October 14, 2014 — Although a majority of U.S. residents still support abortion rights, states across the country over the past four years have succeeded in enacting legislation that could drastically diminish abortion access for millions of women if allowed to stand, the Los Angeles Times reports.
According to the Guttmacher Institute, states since 2011 have passed approximately 230 abortion restrictions. For example, several states require women to obtain ultrasounds before they can receive an abortion, while others limit insurance coverage for abortion services or restrict state funding for abortion providers. Meanwhile, a sweeping antiabortion-rights law (HB 2) in Texas has forced almost two-thirds of the state's abortion clinics to close; similar efforts in Louisiana are threatening abortion access there.
At the same time, the Pew Research Center for People and the Press reports strong support for abortion rights throughout the U.S. The center notes that last year, 63% of U.S. residents said they did not want the Supreme Court to overturn its decision on Roe v. Wade.
Still, the poll showed a geographical gap in abortion stances. For example, 75% of New England residents said they think abortion should be legal in most or all cases, an increase of 5% from 20 years ago. At the same time, 40% of residents in the South Central region of the U.S. said abortion should be legal in most or all cases, down 5% over the same time period (Semuels/La Ganga, Los Angeles Times, 10/11).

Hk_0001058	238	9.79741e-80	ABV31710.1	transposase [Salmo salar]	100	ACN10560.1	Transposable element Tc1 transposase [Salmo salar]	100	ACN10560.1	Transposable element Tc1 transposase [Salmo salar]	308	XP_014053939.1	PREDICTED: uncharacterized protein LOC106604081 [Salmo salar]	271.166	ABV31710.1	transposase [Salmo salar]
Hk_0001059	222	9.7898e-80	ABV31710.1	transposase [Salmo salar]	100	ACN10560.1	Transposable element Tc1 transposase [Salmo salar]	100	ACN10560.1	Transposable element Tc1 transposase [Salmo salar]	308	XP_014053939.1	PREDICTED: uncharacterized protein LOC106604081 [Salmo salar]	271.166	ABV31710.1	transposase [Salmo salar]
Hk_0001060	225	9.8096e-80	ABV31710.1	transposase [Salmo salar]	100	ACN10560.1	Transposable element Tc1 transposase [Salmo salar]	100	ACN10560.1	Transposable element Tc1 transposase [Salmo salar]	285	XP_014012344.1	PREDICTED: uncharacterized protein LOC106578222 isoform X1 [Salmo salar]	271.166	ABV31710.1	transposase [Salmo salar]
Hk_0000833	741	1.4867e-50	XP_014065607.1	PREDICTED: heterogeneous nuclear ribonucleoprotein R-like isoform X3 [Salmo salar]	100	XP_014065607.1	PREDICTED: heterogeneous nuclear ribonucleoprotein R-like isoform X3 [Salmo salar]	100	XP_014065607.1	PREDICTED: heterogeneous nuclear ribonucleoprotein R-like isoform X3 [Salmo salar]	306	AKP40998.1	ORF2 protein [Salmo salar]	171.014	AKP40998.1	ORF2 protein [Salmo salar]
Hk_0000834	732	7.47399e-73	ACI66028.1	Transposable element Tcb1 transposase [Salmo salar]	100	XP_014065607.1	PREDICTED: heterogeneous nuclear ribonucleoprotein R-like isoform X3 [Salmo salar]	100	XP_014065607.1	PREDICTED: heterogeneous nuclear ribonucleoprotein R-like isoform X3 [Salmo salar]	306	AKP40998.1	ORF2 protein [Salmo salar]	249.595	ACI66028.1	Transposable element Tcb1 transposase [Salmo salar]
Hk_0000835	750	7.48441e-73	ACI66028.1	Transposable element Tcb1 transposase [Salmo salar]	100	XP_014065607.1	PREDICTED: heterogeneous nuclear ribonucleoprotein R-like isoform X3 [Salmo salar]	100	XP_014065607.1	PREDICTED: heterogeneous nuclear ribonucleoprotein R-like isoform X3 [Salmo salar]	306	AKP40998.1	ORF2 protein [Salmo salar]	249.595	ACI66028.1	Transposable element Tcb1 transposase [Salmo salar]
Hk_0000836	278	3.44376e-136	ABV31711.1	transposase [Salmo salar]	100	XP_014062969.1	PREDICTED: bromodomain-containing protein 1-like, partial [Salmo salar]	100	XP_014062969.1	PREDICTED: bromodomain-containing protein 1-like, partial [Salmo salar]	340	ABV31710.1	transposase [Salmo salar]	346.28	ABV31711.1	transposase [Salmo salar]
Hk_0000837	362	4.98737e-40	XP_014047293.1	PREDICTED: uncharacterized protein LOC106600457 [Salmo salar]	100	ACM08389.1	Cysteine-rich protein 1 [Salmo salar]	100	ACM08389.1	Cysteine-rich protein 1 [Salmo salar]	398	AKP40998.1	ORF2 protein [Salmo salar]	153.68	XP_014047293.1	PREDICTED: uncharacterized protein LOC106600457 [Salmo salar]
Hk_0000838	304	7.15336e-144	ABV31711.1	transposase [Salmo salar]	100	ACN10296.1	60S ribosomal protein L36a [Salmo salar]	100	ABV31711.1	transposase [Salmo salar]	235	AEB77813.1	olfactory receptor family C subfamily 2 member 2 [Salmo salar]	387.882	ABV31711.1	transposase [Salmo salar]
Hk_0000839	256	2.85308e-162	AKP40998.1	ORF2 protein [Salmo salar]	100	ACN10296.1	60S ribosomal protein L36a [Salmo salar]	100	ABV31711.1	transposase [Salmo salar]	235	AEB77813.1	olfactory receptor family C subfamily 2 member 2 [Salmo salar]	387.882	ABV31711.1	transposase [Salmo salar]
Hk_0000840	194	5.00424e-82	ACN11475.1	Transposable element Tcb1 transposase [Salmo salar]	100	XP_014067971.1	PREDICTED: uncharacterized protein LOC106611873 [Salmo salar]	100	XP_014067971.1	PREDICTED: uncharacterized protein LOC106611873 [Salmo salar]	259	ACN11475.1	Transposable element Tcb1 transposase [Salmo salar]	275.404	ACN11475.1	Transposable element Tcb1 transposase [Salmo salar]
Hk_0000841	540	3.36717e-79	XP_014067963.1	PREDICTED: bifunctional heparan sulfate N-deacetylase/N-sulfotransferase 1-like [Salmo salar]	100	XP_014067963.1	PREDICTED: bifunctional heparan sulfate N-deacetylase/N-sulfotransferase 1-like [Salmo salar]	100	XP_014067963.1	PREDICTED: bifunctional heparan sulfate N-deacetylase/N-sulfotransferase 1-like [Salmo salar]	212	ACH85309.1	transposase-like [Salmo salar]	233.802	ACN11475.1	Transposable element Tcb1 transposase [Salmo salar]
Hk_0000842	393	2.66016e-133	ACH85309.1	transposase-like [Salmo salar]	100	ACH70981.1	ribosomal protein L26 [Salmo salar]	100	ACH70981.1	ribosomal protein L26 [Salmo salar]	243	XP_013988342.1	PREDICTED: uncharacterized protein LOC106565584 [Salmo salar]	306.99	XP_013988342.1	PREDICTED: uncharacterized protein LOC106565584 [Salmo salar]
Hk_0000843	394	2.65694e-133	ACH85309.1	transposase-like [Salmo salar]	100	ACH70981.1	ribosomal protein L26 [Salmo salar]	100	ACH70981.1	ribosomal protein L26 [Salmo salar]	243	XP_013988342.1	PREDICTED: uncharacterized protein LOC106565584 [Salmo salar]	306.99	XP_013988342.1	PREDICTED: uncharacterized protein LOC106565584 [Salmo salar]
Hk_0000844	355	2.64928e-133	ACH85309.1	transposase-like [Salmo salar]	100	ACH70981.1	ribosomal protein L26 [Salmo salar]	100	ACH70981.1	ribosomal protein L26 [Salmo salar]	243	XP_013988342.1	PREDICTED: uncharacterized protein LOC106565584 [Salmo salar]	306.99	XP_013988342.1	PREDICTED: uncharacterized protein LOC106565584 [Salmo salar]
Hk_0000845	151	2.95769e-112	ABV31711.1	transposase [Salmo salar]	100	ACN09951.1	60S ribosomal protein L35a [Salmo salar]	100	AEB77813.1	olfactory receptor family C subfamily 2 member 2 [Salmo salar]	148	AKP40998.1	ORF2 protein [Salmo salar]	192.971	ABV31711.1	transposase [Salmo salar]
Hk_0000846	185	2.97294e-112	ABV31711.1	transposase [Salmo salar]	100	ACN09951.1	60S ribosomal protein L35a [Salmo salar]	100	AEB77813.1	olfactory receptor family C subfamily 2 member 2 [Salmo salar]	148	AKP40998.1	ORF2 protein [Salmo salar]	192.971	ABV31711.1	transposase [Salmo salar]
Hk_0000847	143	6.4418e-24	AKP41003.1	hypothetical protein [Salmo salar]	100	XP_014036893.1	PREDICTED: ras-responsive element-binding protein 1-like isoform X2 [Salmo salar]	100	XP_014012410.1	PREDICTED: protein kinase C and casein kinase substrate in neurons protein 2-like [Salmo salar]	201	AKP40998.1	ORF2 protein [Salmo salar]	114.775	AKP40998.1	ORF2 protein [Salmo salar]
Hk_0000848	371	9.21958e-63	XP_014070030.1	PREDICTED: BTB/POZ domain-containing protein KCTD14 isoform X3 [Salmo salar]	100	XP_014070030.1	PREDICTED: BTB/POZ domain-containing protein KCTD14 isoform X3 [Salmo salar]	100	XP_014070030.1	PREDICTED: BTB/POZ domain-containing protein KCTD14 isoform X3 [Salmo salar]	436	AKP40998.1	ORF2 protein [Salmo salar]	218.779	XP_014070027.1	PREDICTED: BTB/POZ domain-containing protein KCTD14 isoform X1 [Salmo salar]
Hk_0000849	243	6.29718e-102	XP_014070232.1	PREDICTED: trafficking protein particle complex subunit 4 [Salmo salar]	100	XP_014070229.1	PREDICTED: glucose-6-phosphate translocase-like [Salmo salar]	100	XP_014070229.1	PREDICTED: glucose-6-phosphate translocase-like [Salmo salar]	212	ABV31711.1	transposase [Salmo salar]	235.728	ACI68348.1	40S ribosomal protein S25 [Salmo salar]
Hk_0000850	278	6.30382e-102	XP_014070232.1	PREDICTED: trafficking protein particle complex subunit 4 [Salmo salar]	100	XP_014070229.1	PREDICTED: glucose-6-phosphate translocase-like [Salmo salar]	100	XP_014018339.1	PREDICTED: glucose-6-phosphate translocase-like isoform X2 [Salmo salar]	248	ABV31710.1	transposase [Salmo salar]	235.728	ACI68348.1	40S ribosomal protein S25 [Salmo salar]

CRR President Comments on 'Shrinking' Abortion Access
In related news, Center for Reproductive Rights President Nancy Northup comments on the country's "shrinking" abortion access in a Washington Post opinion piece.
Northup writes that the number of abortion restrictions states have enacted since 2011 is more "than were enacted in the previous decade." She notes that although the laws were "[p]assed under the pretense of regulating safety standards, the true purpose of these laws is to hollow out Roe v. Wade's recognition of women's constitutional right to decide for themselves whether to end a pregnancy, as well as the legal protections afforded by that historic ruling."
Northup questions whether courts will let the restrictions stand and highlights a recent case in which the 5th U.S. Circuit Court of Appeals "lift[ed] an injunction blocking the most extreme provisions of Texas's sweeping anti-abortion law" that resulted in "not a single abortion clinic remain[ing] open in the state west or south of San Antonio." She writes, "Not since before Roe v. Wade has a law or court decision resulted in the denial of abortion care on such a sweeping scale."
Meanwhile, other states such as "Oklahoma, Alabama, Louisiana and Wisconsin have passed similarly underhanded laws designed to shutter most, if not all, clinics by requiring any physician who provides an abortion to obtain admitting privileges at a local hospital." She concludes, "The resulting sharp disparities in women's ability to obtain abortion care are becoming troublingly reminiscent of the time before Roe, when access depended entirely on where a woman lived or her ability to travel to one of the few states where abortion was safe and legal" (Northup, Washington Post, 10/10).